The disconnected

The overhead projector casts three texts onto the wall: one in Turkish, one in Dutch, one in English. Hanneke van der Heijden, Turkish-Dutch translator, explains the background behind translating the book Tutunamayanlar, a cult book of Turkish literature by author Aguz Atay. The book is written in several different styles of Turkish, and,  showing different pieces of text, Hanneke explains how she and her co-translator managed to catch that in the translation. She calls the book an adventure, both language-wise and in the inner world of the protagonist. I’m reading her Dutch translation now – I’m at page 84 of a total 756, at the beginning of the adventure.

Tutunamayanlar – which translates as ‘The disconnected’ – was published in 1972. Language was politics at the time. There was Öztürkçe, ‘pure Turkish’, developed after Atatürk decided to purify Turkish and replace all Arabic and Persian words with Turkish ones, some of which didn’t develop naturally but were made up just for the sake of it. Using Öztürkçe in daily life meant that you supported the principles of Atatürk. But Öztürkçe was not in general use: many people still spoke and wrote the language using Arabic and Persian words. Which variation you used was a political preference, and nobody could refrain from choosing.

In Tutuanamayanlar, French influences were also used, and a language which has hardly anything to do with Turkish: ‘high Ottoman’, from before the republic. And another one: Göktürkçe, a centuries old Central-Asian Turkic language.


Indeed, it is no surprise that Tutunamayanlar has always been considered an untranslatable book. The only attempt made was into English, but it was never published. The translator didn’t make an effort to reflect all the language variations of the book. But they are an inalienable part of it, so without paying respect to the language variations, you can’t pay respect to the book. The problem is how to catch those varieties in another language, where language has never been so extremely politicized and where no two variations of the same language existed alongside each other in the first place?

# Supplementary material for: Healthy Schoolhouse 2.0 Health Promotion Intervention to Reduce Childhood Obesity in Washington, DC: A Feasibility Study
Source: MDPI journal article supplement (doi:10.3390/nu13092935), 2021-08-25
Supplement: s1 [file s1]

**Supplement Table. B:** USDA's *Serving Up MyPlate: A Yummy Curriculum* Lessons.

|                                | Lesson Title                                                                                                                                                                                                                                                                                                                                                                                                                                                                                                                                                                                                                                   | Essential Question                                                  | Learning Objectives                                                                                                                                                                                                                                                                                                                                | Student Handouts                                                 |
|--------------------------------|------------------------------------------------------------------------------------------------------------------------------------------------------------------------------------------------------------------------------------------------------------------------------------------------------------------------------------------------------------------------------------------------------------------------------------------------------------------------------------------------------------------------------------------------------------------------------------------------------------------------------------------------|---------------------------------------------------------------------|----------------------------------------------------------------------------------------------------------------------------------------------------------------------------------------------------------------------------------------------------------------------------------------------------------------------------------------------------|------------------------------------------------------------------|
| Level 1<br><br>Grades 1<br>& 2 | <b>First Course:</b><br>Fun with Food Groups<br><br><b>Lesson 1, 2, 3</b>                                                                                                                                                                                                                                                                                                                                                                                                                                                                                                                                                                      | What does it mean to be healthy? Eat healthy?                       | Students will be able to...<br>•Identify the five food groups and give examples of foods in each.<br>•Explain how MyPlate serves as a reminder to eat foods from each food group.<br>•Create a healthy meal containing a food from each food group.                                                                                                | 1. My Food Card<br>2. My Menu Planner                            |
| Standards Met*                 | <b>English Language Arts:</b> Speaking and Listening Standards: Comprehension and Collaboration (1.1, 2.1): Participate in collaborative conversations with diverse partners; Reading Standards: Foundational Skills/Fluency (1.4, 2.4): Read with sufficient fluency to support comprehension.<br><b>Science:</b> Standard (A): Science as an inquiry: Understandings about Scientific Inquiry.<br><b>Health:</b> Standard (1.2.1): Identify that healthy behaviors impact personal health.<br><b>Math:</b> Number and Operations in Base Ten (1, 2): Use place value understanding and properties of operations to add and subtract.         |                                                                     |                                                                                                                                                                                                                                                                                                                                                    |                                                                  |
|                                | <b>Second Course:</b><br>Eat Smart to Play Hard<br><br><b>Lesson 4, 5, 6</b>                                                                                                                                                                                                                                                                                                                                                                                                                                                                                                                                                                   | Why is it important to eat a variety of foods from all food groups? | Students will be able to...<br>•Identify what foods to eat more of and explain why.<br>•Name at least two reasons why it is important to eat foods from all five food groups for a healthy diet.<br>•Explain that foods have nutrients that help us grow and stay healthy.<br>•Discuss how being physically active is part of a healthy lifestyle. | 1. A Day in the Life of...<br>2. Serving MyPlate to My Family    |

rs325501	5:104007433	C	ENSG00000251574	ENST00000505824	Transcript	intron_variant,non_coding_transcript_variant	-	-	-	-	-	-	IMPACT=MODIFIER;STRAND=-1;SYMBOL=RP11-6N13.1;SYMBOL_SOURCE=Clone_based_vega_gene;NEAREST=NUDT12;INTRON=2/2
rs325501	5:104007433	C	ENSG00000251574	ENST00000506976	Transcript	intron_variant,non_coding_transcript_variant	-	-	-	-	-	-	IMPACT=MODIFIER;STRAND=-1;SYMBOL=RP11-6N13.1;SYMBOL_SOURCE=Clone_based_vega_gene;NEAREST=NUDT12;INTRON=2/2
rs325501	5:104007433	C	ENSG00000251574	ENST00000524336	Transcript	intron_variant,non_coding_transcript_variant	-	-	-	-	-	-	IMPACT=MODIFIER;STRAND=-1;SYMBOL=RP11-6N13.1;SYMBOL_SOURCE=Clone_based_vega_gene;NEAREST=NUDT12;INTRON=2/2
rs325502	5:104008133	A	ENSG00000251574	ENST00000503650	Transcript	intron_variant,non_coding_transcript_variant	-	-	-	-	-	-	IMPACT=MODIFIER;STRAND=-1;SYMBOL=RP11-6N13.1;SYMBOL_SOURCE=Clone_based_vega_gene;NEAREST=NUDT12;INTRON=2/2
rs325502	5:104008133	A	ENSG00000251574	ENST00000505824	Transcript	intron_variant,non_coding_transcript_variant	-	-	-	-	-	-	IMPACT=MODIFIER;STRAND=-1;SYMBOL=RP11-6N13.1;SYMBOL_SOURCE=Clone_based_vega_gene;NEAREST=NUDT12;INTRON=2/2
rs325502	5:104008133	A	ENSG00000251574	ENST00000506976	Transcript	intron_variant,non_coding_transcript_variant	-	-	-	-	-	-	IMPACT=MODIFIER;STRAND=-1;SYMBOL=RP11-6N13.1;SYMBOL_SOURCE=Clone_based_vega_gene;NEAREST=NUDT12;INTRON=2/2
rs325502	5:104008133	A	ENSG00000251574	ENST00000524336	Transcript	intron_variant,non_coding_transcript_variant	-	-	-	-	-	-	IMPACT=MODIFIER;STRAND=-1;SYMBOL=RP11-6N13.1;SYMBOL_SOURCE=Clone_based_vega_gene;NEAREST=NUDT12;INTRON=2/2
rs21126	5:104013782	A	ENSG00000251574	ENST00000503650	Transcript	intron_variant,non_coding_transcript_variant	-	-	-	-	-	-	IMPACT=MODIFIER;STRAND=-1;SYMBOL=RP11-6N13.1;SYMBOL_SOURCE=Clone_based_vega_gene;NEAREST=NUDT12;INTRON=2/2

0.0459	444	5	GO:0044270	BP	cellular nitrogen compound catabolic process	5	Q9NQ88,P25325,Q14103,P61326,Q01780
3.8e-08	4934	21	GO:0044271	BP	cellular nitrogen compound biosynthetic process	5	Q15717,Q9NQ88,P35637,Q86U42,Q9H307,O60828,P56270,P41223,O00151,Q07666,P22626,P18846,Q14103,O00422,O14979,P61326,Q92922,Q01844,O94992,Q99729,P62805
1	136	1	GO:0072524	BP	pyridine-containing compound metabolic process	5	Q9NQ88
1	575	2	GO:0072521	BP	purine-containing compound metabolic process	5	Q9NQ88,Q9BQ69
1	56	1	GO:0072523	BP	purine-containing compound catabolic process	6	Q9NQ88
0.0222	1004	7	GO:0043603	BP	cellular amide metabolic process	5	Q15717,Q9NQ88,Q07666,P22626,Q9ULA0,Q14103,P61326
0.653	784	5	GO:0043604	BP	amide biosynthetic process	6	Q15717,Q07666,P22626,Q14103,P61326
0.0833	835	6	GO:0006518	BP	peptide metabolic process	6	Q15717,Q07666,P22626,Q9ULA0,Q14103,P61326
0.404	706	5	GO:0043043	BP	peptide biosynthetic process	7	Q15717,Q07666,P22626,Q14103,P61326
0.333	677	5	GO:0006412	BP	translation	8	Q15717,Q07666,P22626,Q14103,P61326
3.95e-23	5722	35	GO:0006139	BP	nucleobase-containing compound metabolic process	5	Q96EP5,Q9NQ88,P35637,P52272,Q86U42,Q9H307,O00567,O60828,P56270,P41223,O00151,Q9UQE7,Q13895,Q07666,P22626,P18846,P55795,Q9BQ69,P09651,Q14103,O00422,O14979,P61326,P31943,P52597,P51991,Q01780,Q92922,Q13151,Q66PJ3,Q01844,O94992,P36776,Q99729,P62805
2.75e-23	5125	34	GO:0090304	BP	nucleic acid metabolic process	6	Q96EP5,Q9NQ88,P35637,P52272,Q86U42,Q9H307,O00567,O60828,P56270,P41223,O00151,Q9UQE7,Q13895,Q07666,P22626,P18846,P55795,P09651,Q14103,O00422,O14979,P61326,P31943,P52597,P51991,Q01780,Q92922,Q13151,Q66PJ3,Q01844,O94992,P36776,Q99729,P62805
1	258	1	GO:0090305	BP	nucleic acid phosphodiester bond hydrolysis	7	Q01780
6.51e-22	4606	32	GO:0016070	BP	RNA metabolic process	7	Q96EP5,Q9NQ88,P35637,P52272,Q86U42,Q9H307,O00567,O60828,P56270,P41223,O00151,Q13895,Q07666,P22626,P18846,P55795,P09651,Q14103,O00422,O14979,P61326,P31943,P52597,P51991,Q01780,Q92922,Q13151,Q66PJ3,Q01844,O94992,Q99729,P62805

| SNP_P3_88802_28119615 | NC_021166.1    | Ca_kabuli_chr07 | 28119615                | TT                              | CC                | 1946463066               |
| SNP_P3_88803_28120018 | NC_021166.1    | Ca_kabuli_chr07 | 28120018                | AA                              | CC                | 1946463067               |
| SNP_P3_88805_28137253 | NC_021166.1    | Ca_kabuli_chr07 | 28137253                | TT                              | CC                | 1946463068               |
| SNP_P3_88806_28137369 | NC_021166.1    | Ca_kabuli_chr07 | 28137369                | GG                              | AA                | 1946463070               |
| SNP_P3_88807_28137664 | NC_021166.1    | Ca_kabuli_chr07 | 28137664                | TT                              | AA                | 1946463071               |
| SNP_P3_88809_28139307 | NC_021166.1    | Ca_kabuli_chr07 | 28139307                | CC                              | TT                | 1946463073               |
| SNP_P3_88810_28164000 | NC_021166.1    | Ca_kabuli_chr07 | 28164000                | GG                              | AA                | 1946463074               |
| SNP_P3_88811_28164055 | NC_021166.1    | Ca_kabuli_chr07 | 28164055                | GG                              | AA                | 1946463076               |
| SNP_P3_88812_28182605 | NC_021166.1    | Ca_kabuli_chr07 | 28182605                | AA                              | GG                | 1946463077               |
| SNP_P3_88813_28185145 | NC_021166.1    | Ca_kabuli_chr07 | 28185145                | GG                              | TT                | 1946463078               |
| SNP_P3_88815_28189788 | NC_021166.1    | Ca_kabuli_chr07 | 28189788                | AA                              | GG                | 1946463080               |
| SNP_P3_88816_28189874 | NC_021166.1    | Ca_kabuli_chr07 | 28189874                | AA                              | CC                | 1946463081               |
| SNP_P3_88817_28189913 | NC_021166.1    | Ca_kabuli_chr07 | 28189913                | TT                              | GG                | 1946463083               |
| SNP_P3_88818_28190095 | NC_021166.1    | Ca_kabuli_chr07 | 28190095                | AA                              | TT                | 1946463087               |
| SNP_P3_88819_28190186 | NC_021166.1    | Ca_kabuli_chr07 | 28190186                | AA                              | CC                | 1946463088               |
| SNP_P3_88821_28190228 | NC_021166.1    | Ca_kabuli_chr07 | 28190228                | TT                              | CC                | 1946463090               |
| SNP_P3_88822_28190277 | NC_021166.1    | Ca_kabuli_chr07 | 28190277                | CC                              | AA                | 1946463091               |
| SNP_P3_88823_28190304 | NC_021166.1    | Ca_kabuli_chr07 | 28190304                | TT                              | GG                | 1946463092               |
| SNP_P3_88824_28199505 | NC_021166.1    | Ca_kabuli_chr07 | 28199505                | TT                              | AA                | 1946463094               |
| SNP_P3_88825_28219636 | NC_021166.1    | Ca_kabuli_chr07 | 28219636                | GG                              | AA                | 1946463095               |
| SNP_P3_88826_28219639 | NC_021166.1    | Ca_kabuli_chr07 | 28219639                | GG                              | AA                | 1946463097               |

I think what Hanneke van der Heijden and her co-translator Margreet Dorleijn have done in this first translation ever world wide of Tutunamayanlar, should be considered the most advanced form of translating. They used words and structures with Romanic and Germanic roots, they used Dutch with a touch of French, they made up words just as was done in Öztürkçe, they used both formal and basic language, and more. Of course, in Dutch these kinds of variations don’t have such intense political implications as in the seventies in Turkey, but Hanneke and Margreet explain all that in the postscript to the book. I can only applaud.

When the book was published, it was not liked very much by the public or by reviewers. As I said, society and language were very polarized, and Oguz Atay didn’t choose: he used both traditional Turkish and Öztürkçe. He couldn’t be put in one camp, and that was just unbearable in those days. As well, the two protagonists in the book don’t take sides either: they have doubts, they struggle with their convictions. Not okay. In other words: society was conformist, Tutunamayanlar was pluralist.


More than a decade later, that changed. Hanneke and Margreet explain in the postscript that due to political changes in Turkey,for example the military coup in 1980, the environment became more open to doubt, to less polarization, and Tutunamayanlar was re-published. (Needless to say, Hanneke and Margreet state this without in any way supporting the coup.) Since then it has been officially reprinted 49 times (and counting!), and unofficially innumerable times. It has become a cult book, and ‘tutunamayan’, a disconnected person, has become a concept.

Nevertheless, the title of the book in Dutch is not ‘De griplozen’, which would be the most accurate translation of Tutunamayanlar, but ‘Het leven in stukken’, (in English: ‘Shattered Life’). In the end, the publisher decides about the title, and probably a weird Dutch word like ‘Griplozen’ in combination with a totally unknown author wouldn’t do the trick, sales-wise. Maybe that’s true. Actually, I hope they are right and that because of this title more people decide to read the book and experience the adventure of Tutunamayanlar. 

 You can buy the Dutch translation here.

A kiss on the cheek